Year A – 26th Sunday in Ordinary Time

On Five Sons

[Ezek.18:25-28; Phil.2:1-11; Mt.21:28-32]

It can be hard to motivate children, can’t it? We ask them to do something. We remind them, we bribe them, we kid and cajole them. Sometimes we succeed, but sometimes we don’t.

In Jesus’ Parable of the Two Sons, a father asks his two sons to go out and work in his vineyard. The first son says no, but later he has a change of heart and he starts working. The second son says yes, but in fact he does nothing. Does that sound familiar?

In this story, the father represents God, and the vineyard represents the people of Israel, our community of faith.

The first son represents sinners, like the tax collectors and prostitutes, who initially reject God but later change their minds and start doing his will. And the second son represents those who at first seem saintly, like the chief priests and the elders. They outwardly say yes to God, but really do nothing at all. They have other priorities.

In this parable, Jesus is warning us. He’s saying that those who reject our loving Father, but later repent and obey, will go to heaven. But those who give a meaningless yes to God will miss out, unless they change their ways. Our words mean nothing if our promises aren’t followed by action.

As Jesus says earlier in Matthew’s Gospel, “It’s not those who say to me, ‘Lord, Lord’ who will enter the kingdom of heaven, but the person who does the will of my father in heaven” (Mt.7:21).

Neither of these two sons is given to us as the model to follow, because the ideal person is the one who immediately says yes to the Father and carries out his wishes. That’s what Jesus did. As Paul says in our second reading, Jesus emptied himself and became obedient, even to the point of death on a Cross. And God was so pleased that he gave him a name above all other names. So, Jesus is the model for us all to follow.

The first son was late in doing his Father’s will, but he wasn’t too late. Over the years, that’s what many sinners have come to learn, and many even became saints. St Augustine is a good example, but there have been others.

St Paul literally terrorised Christians before meeting Jesus on the road to Damascus. St Matthew was a hated tax-collector before becoming a disciple.

And in England, St Philip Howard was a notorious womaniser and gambler. But when he heard St Edmund Campion eloquently defend the faith in the Tower of London, he was so impressed that he reconciled with his wife and he returned to the Church. [i]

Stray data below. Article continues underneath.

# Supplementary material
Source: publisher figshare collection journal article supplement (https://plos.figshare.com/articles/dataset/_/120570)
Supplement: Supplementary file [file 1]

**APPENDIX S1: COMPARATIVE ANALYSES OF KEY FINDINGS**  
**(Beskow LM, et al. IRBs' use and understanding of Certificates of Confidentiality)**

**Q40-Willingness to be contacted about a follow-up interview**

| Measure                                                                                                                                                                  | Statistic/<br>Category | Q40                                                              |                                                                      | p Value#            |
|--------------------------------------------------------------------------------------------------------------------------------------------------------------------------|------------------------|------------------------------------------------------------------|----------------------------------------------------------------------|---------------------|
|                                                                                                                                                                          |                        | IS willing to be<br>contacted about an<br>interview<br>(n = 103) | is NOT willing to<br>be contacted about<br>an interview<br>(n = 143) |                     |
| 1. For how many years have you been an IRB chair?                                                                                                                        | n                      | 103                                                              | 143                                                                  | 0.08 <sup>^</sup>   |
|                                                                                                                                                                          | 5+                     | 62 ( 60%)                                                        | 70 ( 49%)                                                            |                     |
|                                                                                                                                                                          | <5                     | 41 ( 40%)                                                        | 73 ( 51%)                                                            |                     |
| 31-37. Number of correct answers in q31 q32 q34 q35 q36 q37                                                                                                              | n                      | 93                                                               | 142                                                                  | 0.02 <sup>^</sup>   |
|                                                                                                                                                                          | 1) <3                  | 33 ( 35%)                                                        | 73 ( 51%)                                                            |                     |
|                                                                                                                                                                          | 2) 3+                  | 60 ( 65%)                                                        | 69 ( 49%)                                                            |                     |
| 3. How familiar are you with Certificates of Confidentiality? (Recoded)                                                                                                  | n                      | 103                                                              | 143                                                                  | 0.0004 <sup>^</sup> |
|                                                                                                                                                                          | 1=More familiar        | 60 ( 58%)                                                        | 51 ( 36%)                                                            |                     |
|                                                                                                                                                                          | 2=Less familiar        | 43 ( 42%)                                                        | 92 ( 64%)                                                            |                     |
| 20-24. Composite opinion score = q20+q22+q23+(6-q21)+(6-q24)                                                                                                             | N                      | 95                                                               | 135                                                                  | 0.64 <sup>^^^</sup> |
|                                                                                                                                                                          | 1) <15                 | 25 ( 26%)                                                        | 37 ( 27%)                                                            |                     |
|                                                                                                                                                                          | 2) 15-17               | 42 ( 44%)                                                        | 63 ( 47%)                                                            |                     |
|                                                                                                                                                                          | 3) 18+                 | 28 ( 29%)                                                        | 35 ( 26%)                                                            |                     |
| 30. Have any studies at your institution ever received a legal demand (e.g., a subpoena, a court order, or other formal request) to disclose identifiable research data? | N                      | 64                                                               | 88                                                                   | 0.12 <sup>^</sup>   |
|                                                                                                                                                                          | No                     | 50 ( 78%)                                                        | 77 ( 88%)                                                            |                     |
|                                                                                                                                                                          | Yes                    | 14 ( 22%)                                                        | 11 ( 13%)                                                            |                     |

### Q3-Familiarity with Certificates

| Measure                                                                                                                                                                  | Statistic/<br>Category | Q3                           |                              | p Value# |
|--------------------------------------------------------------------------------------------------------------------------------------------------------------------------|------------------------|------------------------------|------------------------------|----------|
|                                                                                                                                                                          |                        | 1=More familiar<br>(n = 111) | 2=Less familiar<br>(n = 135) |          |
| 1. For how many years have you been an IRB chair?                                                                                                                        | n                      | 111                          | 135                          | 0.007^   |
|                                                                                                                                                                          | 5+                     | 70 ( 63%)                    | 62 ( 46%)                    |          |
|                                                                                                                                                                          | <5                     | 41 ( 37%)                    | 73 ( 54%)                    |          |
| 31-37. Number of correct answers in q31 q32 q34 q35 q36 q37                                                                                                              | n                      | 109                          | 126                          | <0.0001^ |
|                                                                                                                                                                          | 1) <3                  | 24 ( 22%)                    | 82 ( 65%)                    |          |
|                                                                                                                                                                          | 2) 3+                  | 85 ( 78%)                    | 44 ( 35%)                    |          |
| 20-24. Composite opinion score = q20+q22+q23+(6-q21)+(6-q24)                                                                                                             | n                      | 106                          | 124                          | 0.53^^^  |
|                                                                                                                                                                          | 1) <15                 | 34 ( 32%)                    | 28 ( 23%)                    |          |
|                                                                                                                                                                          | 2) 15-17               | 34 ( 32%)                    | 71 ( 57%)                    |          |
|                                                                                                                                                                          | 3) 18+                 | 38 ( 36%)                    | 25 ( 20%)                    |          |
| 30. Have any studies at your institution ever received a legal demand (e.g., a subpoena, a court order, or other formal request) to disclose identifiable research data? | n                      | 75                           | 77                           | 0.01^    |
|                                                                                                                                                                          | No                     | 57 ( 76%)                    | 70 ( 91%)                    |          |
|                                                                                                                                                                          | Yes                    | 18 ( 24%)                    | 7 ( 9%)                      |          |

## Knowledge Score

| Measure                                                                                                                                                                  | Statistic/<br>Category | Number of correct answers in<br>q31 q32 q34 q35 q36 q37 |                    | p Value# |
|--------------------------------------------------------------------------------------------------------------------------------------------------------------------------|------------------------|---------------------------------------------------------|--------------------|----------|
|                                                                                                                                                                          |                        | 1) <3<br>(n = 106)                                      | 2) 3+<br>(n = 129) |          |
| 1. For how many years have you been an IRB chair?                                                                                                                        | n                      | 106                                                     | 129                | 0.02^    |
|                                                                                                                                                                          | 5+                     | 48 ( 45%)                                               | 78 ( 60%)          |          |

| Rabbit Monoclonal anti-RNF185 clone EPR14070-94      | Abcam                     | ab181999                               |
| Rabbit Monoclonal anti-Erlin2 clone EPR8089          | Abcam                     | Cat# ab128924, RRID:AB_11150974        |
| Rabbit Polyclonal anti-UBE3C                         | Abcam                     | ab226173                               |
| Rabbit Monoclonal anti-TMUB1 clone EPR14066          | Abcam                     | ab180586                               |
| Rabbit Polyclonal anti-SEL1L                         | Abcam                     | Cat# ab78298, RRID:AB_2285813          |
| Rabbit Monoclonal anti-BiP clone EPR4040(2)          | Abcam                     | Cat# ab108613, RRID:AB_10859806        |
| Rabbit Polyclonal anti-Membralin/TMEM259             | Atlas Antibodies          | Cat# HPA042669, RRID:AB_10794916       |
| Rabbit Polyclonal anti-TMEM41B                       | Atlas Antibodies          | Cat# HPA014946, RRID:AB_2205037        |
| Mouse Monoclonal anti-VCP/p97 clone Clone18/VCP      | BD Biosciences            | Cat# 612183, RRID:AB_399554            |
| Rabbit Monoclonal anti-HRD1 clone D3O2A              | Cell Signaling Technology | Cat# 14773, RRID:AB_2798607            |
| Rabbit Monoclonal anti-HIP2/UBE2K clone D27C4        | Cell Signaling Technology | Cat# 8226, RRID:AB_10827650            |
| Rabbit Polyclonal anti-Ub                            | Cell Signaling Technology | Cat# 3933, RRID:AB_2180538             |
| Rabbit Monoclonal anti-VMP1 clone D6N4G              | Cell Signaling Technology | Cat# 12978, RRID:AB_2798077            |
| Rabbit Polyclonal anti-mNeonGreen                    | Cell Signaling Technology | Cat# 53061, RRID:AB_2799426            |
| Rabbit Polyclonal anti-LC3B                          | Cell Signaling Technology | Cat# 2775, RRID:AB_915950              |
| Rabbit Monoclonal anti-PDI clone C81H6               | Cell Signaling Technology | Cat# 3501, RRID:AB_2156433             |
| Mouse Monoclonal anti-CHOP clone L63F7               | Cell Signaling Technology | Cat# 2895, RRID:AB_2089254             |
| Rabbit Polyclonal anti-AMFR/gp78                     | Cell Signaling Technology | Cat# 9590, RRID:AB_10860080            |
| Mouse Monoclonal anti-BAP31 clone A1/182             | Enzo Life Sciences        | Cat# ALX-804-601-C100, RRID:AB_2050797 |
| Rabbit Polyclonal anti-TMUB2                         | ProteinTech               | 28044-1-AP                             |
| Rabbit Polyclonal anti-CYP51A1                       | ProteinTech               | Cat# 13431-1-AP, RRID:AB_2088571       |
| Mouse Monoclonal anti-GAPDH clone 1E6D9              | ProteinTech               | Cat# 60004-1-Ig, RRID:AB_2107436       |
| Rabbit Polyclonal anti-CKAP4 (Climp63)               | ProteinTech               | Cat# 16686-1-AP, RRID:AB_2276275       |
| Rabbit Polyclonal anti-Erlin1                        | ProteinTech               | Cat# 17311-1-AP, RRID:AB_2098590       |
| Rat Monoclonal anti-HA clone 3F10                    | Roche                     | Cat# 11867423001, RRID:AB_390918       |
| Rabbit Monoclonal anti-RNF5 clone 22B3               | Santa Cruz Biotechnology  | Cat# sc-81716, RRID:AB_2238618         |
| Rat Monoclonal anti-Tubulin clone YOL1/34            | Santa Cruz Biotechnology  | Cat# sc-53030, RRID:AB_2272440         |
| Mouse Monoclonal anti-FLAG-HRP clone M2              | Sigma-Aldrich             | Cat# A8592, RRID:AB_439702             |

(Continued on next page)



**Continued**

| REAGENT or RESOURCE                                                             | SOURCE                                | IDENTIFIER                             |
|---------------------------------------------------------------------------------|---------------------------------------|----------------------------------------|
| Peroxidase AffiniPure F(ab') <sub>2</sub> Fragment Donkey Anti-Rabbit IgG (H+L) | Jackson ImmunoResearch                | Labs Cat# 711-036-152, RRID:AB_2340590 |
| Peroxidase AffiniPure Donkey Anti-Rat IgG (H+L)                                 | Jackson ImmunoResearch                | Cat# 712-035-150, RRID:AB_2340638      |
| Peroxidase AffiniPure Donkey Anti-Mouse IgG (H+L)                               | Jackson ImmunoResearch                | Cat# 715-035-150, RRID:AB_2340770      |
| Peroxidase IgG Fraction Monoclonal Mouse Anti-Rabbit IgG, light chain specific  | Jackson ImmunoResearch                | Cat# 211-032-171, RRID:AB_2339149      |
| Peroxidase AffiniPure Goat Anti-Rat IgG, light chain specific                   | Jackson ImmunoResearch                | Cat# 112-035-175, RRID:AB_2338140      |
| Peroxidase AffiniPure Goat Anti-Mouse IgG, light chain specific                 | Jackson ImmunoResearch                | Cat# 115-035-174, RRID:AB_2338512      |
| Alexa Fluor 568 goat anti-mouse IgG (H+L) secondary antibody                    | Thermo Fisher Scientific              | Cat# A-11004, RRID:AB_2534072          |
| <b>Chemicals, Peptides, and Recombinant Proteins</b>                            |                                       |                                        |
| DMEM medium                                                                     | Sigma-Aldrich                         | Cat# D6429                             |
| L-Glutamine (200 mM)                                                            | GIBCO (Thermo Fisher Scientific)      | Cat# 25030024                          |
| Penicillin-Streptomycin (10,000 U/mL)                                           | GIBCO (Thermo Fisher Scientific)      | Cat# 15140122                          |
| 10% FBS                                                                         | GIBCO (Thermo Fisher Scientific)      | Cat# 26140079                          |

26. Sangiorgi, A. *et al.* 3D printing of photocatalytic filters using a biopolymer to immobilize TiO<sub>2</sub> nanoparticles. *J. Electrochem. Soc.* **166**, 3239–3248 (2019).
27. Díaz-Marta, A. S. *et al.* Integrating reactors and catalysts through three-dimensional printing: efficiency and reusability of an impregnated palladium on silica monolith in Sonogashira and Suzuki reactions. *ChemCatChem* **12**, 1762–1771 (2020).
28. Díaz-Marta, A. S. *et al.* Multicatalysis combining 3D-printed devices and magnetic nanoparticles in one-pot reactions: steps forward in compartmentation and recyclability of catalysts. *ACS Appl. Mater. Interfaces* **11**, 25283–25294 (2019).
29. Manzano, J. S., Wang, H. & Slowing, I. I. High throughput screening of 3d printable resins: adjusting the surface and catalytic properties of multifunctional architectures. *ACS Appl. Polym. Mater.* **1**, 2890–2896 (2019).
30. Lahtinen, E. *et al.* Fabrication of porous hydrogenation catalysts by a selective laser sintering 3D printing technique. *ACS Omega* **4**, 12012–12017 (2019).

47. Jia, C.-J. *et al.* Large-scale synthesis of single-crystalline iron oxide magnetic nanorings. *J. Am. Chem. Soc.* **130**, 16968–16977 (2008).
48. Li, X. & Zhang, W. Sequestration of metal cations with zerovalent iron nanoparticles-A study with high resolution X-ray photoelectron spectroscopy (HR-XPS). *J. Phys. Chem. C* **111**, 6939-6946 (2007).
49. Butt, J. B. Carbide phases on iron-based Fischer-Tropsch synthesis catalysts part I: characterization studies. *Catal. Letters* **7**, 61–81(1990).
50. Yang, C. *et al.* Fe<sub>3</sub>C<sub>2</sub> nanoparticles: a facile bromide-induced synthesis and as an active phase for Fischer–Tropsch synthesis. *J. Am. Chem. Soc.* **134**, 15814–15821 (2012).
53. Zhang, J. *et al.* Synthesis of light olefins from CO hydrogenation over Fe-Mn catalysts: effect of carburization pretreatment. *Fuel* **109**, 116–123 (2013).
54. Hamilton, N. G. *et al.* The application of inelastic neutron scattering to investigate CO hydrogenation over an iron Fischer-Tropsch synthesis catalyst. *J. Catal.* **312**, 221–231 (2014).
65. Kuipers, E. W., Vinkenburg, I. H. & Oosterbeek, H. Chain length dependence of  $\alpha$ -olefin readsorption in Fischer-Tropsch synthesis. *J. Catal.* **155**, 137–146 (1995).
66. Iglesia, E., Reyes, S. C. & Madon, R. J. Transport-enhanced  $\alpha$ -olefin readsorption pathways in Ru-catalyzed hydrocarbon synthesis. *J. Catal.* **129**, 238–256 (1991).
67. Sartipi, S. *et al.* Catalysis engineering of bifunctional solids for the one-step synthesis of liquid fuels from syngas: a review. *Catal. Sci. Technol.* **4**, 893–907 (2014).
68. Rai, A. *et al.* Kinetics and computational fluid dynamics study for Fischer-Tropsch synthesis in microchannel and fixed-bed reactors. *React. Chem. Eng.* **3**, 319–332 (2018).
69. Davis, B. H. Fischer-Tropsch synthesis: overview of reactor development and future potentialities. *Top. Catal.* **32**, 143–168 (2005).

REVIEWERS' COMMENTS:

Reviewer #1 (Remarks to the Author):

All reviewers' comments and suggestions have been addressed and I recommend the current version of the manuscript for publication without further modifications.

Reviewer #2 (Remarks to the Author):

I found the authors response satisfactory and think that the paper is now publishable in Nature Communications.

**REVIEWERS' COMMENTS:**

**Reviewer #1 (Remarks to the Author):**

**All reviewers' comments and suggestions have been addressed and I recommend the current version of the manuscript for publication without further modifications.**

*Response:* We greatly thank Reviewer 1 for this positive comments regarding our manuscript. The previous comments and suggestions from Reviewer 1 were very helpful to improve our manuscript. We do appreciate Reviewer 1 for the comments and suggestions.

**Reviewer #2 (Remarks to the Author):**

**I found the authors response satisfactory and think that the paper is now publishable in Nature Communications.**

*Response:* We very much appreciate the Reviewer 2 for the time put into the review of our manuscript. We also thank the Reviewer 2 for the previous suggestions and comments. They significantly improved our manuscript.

Today, however, many people are much too distracted to ever hear our loving God calling them.

Consider Leo Tolstoy’s story of three women who went to the well for some water. Nearby, a wise old man watched and listened as the women talked about their sons. ‘My son,’ said the first woman, ‘is so skillful; he always does things better than the other children.’

‘My son,’ said the second woman, ‘sings so well, so beautifully, like a nightingale! No-one has such a beautiful voice as him.’

‘And you,’ they asked the third woman who was quiet. ‘Why don’t you say something about your son?’

‘Oh, he has nothing which I could praise, or tell about him,’ she replied. ‘My son is only a common boy, there’s nothing so special about him.’

The women filled their buckets with water and they headed home. The old man followed slowly behind. But the buckets were heavy, so the women stopped for a rest. Suddenly the three boys came towards them.

The first one turned cartwheels, and the women shouted: ‘What a skilled boy! Good job!’ The second one sang beautifully, like a nightingale, and the women listened with tears in their eyes.

The third boy went to his mother, took the buckets and went home. Then the women asked the old man: ‘What do you think about our sons?’

‘Where are your sons?’ asked the surprised old man. ‘I can see only one son!’

In this story, the wise old man is God himself. Unlike the others, he’s not distracted by the song and dance. The only boy he sees is the third one who carries his mother’s buckets. He’s the only person who accepts his call to humble service.

Right now, we’re all being asked the same question: are we doing the will of the Father? Is it Yes or No?

Deep in our hearts we know the answer. Fortunately, it’s not too late to change. But remember this:

Our ‘Yes’ is worthless if it’s not reflected in the way we live.